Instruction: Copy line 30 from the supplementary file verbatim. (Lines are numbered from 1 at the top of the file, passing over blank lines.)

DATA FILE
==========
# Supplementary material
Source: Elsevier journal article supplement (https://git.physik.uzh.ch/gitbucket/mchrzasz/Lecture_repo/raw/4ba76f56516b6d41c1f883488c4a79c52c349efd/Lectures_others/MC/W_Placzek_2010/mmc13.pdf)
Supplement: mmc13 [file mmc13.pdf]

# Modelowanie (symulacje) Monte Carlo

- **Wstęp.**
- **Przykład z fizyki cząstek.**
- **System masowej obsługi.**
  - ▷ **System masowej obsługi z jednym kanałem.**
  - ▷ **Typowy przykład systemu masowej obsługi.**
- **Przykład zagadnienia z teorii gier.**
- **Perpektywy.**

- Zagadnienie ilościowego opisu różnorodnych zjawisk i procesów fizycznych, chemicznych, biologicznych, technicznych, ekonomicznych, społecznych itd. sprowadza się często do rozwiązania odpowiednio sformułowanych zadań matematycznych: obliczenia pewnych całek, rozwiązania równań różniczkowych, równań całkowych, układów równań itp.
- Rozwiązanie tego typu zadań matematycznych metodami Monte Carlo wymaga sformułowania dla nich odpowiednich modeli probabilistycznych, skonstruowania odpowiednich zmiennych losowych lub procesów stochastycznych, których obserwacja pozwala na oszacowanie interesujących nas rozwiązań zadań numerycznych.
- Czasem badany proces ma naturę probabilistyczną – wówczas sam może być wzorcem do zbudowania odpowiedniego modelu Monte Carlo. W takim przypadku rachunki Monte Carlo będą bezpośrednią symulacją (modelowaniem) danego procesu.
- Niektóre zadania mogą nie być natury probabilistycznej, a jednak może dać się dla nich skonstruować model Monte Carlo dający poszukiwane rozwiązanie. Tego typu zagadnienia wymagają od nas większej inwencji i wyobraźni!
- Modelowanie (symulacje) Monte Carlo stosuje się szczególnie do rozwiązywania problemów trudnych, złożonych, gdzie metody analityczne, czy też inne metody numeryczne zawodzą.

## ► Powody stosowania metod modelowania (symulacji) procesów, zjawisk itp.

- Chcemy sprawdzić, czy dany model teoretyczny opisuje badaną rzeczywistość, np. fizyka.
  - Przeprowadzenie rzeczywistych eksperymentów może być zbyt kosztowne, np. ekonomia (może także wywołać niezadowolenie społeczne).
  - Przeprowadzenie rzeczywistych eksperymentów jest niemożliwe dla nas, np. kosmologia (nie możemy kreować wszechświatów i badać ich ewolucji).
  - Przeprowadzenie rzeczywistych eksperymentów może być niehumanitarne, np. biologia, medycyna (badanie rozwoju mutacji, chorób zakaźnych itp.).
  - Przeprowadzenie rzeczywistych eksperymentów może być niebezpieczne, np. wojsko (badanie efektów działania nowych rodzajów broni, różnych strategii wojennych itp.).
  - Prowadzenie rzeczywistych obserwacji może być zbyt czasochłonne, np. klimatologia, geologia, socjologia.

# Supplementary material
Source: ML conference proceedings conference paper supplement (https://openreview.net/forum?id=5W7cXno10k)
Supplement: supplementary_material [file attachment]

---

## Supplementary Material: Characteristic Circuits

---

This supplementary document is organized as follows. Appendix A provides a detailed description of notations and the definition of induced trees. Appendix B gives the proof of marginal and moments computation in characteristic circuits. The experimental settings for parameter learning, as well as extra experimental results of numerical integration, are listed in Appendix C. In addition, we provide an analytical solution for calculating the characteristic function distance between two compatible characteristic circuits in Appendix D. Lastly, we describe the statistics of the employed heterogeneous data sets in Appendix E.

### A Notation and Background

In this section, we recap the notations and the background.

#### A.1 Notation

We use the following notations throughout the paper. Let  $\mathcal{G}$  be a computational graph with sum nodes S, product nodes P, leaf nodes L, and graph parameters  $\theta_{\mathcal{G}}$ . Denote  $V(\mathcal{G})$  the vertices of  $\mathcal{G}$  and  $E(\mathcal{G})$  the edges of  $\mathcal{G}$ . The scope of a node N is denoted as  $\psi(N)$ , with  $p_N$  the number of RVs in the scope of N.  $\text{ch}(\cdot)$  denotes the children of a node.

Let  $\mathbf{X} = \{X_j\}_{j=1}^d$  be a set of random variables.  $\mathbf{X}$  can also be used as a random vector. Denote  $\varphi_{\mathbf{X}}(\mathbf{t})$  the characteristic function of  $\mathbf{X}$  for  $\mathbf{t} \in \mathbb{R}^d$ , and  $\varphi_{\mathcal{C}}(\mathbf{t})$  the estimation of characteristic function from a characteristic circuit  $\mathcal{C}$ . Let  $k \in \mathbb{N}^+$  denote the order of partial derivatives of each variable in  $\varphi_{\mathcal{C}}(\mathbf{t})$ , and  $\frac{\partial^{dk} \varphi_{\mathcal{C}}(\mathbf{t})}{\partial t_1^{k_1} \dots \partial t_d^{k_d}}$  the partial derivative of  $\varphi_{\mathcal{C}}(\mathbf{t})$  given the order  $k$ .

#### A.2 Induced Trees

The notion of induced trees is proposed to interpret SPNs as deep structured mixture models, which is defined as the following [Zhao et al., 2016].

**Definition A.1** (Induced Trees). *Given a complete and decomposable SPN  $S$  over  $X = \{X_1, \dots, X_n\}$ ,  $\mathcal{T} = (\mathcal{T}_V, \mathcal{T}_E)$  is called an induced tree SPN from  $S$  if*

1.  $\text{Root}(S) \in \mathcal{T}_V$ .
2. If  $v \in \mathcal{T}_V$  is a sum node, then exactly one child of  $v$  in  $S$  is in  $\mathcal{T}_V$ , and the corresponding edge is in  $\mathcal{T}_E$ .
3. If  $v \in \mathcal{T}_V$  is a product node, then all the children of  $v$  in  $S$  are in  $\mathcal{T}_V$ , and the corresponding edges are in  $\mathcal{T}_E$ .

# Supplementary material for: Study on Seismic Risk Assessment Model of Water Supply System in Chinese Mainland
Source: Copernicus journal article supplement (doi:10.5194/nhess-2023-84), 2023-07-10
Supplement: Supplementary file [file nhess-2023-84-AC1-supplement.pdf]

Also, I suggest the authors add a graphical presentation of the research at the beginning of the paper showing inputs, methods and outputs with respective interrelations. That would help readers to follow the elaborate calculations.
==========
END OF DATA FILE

This supplementary document is organized as follows. Appendix A provides a detailed description of notations and the definition of induced trees. Appendix B gives the proof of marginal and moments computation in characteristic circuits. The experimental settings for parameter learning, as well as extra experimental results of numerical integration, are listed in Appendix C. In addition, we provide an analytical solution for calculating the characteristic function distance between two compatible characteristic circuits in Appendix D. Lastly, we describe the statistics of the employed heterogeneous data sets in Appendix E.